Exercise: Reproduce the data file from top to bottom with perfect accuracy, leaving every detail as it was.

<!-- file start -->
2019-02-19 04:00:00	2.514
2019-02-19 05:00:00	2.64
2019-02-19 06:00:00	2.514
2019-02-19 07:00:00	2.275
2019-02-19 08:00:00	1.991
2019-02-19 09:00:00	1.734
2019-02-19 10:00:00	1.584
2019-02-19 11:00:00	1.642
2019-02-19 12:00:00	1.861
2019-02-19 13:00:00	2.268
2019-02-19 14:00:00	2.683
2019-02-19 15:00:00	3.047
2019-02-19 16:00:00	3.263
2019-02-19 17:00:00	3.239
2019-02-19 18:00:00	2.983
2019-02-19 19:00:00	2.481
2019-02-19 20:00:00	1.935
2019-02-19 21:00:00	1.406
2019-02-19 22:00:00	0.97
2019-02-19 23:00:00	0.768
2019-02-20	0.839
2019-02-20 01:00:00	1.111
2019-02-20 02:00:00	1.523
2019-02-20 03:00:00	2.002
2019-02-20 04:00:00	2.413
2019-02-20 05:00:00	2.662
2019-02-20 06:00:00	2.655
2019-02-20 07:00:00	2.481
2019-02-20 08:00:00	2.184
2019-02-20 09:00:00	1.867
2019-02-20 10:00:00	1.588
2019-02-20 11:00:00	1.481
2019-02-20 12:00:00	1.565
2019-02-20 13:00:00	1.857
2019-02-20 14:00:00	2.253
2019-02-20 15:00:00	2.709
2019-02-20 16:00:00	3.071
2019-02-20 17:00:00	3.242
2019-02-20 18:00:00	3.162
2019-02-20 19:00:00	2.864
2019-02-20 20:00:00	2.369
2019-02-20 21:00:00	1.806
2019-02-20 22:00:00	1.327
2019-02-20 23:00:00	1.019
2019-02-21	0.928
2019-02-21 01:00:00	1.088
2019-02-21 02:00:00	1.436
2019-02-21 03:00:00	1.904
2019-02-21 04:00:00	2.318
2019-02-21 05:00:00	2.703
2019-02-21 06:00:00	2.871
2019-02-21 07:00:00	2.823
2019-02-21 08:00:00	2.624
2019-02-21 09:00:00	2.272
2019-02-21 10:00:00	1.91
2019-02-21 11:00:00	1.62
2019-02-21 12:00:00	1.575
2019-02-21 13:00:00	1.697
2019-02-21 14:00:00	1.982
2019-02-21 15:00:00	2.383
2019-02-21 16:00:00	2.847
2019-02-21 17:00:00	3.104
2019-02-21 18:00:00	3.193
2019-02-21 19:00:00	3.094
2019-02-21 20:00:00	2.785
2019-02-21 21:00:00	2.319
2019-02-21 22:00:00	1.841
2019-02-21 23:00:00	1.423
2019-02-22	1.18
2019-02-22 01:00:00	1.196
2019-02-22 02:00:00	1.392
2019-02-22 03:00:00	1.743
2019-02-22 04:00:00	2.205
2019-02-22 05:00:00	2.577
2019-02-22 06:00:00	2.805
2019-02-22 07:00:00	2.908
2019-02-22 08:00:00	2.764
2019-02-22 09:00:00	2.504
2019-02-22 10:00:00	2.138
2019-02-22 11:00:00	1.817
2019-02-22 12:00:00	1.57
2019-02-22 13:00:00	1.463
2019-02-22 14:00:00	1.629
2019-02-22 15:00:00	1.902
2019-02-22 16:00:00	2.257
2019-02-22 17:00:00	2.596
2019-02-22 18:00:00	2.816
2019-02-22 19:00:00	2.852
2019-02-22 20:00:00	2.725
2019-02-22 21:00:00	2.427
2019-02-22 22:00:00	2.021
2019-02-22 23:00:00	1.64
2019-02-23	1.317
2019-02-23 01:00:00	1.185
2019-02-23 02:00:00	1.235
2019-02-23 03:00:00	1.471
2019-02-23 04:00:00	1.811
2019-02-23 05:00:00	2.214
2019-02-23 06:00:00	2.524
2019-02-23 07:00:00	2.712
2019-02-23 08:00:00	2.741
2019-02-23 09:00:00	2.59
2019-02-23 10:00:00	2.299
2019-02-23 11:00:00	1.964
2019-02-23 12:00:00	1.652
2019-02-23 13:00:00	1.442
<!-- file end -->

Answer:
2019-02-19 04:00:00	2.514
2019-02-19 05:00:00	2.64
2019-02-19 06:00:00	2.514
2019-02-19 07:00:00	2.275
2019-02-19 08:00:00	1.991
2019-02-19 09:00:00	1.734
2019-02-19 10:00:00	1.584
2019-02-19 11:00:00	1.642
2019-02-19 12:00:00	1.861
2019-02-19 13:00:00	2.268
2019-02-19 14:00:00	2.683
2019-02-19 15:00:00	3.047
2019-02-19 16:00:00	3.263
2019-02-19 17:00:00	3.239
2019-02-19 18:00:00	2.983
2019-02-19 19:00:00	2.481
2019-02-19 20:00:00	1.935
2019-02-19 21:00:00	1.406
2019-02-19 22:00:00	0.97
2019-02-19 23:00:00	0.768
2019-02-20	0.839
2019-02-20 01:00:00	1.111
2019-02-20 02:00:00	1.523
2019-02-20 03:00:00	2.002
2019-02-20 04:00:00	2.413
2019-02-20 05:00:00	2.662
2019-02-20 06:00:00	2.655
2019-02-20 07:00:00	2.481
2019-02-20 08:00:00	2.184
2019-02-20 09:00:00	1.867
2019-02-20 10:00:00	1.588
2019-02-20 11:00:00	1.481
2019-02-20 12:00:00	1.565
2019-02-20 13:00:00	1.857
2019-02-20 14:00:00	2.253
2019-02-20 15:00:00	2.709
2019-02-20 16:00:00	3.071
2019-02-20 17:00:00	3.242
2019-02-20 18:00:00	3.162
2019-02-20 19:00:00	2.864
2019-02-20 20:00:00	2.369
2019-02-20 21:00:00	1.806
2019-02-20 22:00:00	1.327
2019-02-20 23:00:00	1.019
2019-02-21	0.928
2019-02-21 01:00:00	1.088
2019-02-21 02:00:00	1.436
2019-02-21 03:00:00	1.904
2019-02-21 04:00:00	2.318
2019-02-21 05:00:00	2.703
2019-02-21 06:00:00	2.871
2019-02-21 07:00:00	2.823
2019-02-21 08:00:00	2.624
2019-02-21 09:00:00	2.272
2019-02-21 10:00:00	1.91
2019-02-21 11:00:00	1.62
2019-02-21 12:00:00	1.575
2019-02-21 13:00:00	1.697
2019-02-21 14:00:00	1.982
2019-02-21 15:00:00	2.383
2019-02-21 16:00:00	2.847
2019-02-21 17:00:00	3.104
2019-02-21 18:00:00	3.193
2019-02-21 19:00:00	3.094
2019-02-21 20:00:00	2.785
2019-02-21 21:00:00	2.319
2019-02-21 22:00:00	1.841
2019-02-21 23:00:00	1.423
2019-02-22	1.18
2019-02-22 01:00:00	1.196
2019-02-22 02:00:00	1.392
2019-02-22 03:00:00	1.743
2019-02-22 04:00:00	2.205
2019-02-22 05:00:00	2.577
2019-02-22 06:00:00	2.805
2019-02-22 07:00:00	2.908
2019-02-22 08:00:00	2.764
2019-02-22 09:00:00	2.504
2019-02-22 10:00:00	2.138
2019-02-22 11:00:00	1.817
2019-02-22 12:00:00	1.57
2019-02-22 13:00:00	1.463
2019-02-22 14:00:00	1.629
2019-02-22 15:00:00	1.902
2019-02-22 16:00:00	2.257
2019-02-22 17:00:00	2.596
2019-02-22 18:00:00	2.816
2019-02-22 19:00:00	2.852
2019-02-22 20:00:00	2.725
2019-02-22 21:00:00	2.427
2019-02-22 22:00:00	2.021
2019-02-22 23:00:00	1.64
2019-02-23	1.317
2019-02-23 01:00:00	1.185
2019-02-23 02:00:00	1.235
2019-02-23 03:00:00	1.471
2019-02-23 04:00:00	1.811
2019-02-23 05:00:00	2.214
2019-02-23 06:00:00	2.524
2019-02-23 07:00:00	2.712
2019-02-23 08:00:00	2.741
2019-02-23 09:00:00	2.59
2019-02-23 10:00:00	2.299
2019-02-23 11:00:00	1.964
2019-02-23 12:00:00	1.652
2019-02-23 13:00:00	1.442